I like this video, although it could be done with lots of products other than wine.
There’s actually some hugely complex microeconomics going on in the background, which you can peruse after you watch this video entitled “Expensive Wine Is for Suckers” from Vox.
The way that we normally think about supply and demand is that quality is a shift variable for demand: perceived higher quality shifts demand to the right, increasing prices and quantity.
What they’re discussing in this video isn’t contradictory to that, but it’s not simple to see that.
If you’ve ever had me for a face-to-face class, this is an example of what I’m getting at when I bring the clear piece of polycarbonate plastic to class and have two students hold it up in front of the projector so that we can see it’s shadow on the board.
What they’re arguing instead is that price is a shift variable for quality, in a graph with quantity and quality on the axes instead of quantity and price. That’s weird, right? What would demand look like in the graph if we change the vertical axis from price to quality? It would be upward sloping.
Why is that so?
Go back to the case of the typical demand and supply with quantity and price on the axes. When we figure out the slope of demand, we hold quality constant (holding other stuff constant is what ceterus paribus means). So, for something of constant quality, when the price is higher, we buy less. That makes demand slope down (when going from left to right). Quality is then a shift variable in that framework because if we held quality constant to trace out that demand, then if we allow quality to change we must be going to a different demand.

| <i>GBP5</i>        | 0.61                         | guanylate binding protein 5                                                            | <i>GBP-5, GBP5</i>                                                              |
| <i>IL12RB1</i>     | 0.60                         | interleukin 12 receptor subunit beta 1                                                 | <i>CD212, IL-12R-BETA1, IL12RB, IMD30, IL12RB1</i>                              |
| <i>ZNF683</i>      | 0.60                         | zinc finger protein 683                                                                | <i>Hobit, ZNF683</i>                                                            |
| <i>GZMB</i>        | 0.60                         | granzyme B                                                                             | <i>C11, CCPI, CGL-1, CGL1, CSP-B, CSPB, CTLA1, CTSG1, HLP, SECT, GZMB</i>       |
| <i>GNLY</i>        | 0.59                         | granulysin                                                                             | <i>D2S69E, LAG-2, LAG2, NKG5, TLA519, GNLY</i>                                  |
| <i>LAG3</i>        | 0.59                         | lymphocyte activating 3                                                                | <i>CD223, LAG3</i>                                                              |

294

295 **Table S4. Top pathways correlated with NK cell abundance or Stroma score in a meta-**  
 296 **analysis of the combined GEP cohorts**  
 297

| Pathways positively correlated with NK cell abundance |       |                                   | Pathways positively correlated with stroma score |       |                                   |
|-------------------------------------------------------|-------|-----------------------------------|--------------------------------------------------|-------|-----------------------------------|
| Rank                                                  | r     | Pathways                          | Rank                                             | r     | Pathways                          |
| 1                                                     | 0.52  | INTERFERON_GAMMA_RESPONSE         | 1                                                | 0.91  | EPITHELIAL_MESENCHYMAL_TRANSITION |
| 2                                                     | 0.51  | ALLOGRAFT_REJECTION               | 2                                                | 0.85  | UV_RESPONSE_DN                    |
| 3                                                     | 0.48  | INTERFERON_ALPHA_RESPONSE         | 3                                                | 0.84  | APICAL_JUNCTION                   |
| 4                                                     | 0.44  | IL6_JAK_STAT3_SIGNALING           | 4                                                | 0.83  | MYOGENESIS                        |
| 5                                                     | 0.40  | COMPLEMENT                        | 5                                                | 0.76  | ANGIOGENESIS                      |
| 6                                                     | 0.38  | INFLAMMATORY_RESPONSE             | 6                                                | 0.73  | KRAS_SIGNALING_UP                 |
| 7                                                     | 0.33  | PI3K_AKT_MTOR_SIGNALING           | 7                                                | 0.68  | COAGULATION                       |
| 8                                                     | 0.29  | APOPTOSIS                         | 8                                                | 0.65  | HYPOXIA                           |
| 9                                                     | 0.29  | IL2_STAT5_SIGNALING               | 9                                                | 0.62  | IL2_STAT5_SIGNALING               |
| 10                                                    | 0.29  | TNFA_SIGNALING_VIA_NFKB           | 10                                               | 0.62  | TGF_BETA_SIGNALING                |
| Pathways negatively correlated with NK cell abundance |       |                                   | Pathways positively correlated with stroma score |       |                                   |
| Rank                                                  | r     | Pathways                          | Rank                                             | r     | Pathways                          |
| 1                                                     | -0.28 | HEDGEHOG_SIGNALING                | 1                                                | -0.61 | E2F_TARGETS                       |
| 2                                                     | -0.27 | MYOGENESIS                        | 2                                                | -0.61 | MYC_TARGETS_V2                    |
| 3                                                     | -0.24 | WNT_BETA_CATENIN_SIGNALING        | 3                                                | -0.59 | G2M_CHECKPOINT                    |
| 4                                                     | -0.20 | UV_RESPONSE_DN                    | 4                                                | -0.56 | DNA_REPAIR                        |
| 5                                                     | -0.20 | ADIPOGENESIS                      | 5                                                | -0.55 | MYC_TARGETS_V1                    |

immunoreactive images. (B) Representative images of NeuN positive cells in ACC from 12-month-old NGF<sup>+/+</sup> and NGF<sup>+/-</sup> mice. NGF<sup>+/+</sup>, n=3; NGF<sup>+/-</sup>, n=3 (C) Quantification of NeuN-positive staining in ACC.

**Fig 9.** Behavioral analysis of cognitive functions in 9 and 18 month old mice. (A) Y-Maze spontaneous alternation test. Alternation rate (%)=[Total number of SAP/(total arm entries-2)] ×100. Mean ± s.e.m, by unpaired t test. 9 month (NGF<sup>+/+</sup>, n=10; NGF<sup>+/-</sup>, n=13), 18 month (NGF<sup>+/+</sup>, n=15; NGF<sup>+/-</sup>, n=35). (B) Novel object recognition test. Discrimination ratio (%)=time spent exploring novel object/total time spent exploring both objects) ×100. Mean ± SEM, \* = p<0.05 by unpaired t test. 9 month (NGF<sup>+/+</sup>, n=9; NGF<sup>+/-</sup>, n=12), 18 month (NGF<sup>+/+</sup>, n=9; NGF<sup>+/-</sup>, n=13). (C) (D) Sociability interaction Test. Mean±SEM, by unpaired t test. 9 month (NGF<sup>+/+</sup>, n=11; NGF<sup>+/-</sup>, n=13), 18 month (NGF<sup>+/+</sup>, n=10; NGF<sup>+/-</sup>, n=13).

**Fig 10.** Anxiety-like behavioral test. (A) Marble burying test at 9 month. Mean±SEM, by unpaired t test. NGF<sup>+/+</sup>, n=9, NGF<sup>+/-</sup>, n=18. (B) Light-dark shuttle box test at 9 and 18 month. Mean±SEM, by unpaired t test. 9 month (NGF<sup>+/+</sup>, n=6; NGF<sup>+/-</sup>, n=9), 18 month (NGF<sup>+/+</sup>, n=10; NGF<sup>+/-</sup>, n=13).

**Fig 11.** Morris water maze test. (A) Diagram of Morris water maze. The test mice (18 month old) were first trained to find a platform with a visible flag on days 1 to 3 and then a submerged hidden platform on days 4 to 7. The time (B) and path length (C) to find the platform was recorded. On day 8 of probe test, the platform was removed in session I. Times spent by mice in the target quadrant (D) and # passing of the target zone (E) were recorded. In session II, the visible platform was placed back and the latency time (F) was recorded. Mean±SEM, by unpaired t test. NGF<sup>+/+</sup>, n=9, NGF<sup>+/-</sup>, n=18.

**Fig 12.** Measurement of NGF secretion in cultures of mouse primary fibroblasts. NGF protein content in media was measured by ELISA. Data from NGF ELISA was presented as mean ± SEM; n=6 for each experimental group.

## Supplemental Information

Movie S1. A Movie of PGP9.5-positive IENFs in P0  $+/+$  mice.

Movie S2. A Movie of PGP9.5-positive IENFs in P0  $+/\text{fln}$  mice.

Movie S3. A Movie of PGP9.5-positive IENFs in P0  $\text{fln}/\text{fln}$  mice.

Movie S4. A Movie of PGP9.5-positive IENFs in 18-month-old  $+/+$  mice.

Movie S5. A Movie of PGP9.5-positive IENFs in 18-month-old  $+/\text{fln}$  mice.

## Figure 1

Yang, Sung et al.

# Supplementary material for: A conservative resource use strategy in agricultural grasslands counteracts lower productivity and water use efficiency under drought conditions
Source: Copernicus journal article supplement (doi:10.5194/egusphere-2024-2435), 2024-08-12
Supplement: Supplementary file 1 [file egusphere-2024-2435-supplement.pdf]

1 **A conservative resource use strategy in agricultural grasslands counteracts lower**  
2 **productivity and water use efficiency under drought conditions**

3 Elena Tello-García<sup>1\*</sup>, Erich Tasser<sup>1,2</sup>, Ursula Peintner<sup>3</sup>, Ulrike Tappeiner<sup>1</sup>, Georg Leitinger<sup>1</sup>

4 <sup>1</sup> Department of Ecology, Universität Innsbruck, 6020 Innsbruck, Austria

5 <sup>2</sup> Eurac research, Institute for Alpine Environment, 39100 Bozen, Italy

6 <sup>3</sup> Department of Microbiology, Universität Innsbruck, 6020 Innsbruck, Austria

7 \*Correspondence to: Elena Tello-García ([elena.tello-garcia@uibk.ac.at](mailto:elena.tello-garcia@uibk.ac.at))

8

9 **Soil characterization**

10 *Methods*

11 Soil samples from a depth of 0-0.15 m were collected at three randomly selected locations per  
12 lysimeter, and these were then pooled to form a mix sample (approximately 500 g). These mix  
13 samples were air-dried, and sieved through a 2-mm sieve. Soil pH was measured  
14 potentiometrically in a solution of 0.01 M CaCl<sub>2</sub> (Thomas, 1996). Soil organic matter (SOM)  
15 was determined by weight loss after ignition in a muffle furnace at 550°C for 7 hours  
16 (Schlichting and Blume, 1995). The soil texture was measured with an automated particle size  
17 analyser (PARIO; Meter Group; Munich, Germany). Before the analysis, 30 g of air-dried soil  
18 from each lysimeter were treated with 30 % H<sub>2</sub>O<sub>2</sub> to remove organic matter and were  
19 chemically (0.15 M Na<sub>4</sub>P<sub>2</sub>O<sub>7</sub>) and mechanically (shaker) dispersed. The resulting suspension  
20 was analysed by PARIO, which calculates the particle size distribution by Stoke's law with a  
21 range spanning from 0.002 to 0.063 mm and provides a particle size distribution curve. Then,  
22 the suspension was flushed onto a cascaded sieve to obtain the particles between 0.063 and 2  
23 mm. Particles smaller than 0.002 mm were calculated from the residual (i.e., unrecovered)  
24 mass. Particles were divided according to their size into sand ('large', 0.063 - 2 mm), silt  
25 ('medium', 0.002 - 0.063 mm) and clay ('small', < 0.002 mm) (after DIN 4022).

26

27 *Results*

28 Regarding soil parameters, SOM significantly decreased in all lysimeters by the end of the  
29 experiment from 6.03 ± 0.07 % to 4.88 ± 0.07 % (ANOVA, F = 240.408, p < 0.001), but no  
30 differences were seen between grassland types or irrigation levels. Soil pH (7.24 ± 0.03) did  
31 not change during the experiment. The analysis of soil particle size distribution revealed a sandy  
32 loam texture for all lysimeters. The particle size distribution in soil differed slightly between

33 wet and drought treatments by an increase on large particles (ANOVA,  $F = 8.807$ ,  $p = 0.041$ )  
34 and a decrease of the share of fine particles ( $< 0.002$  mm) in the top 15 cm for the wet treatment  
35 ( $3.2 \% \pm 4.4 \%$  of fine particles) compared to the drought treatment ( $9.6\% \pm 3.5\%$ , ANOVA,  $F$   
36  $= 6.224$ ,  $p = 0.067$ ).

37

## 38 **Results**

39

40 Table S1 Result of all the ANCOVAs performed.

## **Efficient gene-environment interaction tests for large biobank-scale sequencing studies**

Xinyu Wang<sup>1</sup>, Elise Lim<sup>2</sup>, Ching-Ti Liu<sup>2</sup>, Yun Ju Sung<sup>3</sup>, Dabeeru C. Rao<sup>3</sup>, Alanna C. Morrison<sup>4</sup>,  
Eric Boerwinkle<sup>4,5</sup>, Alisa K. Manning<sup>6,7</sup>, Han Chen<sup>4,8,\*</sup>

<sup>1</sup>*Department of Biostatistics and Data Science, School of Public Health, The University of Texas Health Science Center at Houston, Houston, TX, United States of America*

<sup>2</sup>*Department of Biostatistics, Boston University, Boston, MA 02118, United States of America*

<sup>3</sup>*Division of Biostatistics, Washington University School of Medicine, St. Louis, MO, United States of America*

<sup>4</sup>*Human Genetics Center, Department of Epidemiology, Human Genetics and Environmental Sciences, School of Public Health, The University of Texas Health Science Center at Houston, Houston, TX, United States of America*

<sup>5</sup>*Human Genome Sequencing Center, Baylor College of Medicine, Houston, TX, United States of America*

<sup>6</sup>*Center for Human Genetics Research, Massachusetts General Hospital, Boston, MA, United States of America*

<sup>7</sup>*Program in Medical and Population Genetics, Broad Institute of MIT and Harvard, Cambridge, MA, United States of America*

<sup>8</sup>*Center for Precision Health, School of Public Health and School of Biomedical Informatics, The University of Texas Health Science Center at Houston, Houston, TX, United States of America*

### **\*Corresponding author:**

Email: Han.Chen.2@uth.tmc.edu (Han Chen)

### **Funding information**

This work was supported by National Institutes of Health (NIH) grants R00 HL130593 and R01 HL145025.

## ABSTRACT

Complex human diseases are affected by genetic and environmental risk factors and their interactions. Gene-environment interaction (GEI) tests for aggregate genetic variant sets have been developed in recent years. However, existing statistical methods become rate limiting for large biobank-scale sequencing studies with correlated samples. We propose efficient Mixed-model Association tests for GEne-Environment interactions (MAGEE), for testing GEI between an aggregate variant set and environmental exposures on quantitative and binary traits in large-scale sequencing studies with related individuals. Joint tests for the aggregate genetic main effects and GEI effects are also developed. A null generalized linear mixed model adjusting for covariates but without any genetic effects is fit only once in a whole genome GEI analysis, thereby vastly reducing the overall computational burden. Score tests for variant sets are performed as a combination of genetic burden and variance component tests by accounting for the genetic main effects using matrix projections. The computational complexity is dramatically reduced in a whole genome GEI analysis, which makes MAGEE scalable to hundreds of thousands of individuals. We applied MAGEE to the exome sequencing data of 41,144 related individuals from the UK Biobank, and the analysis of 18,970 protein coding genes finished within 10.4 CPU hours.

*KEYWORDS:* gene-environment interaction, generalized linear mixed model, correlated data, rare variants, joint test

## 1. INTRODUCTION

Now, do the same thing, except let’s label the axes as quantity and quality, and hold prices constant. What will demand look like as quality improves but price stays constant? Well, you’ll buy more, right? That means that in a graph with these axes demand slopes upwards (going from left to right): higher quality is associated with higher quantity bought.
What they’re saying in the video is that higher price is a signal of higher quality. This means that it’s a shift variable. Now this is a bit weird, but hold actual quality constant on that upward sloping demand in quantity-quality space. A higher price is a signal of higher quality, meaning you’ll buy more, and that demand will shift to the right at that particular quality you’ve been holding constant. This is complex, but it works because “signal of higher quality” and “particular quality” are not the same thing: the first is an expectation, while the second is a fact.
The bottom line is that the people in the video aren’t irrational for thinking that the high priced wine tastes better only when they’ve been told it’s price is higher. All they’re doing is using the signal they were given the same way they always do.
What’s irrational is that we do stuff like this all the time, and we don’t realize that it’s the behavior that’s weird, not the decisions based on it.
Unfortunately, the takeaway from this may be that the best thing is to let other people buy expensive stuff and serve it to you as their guest.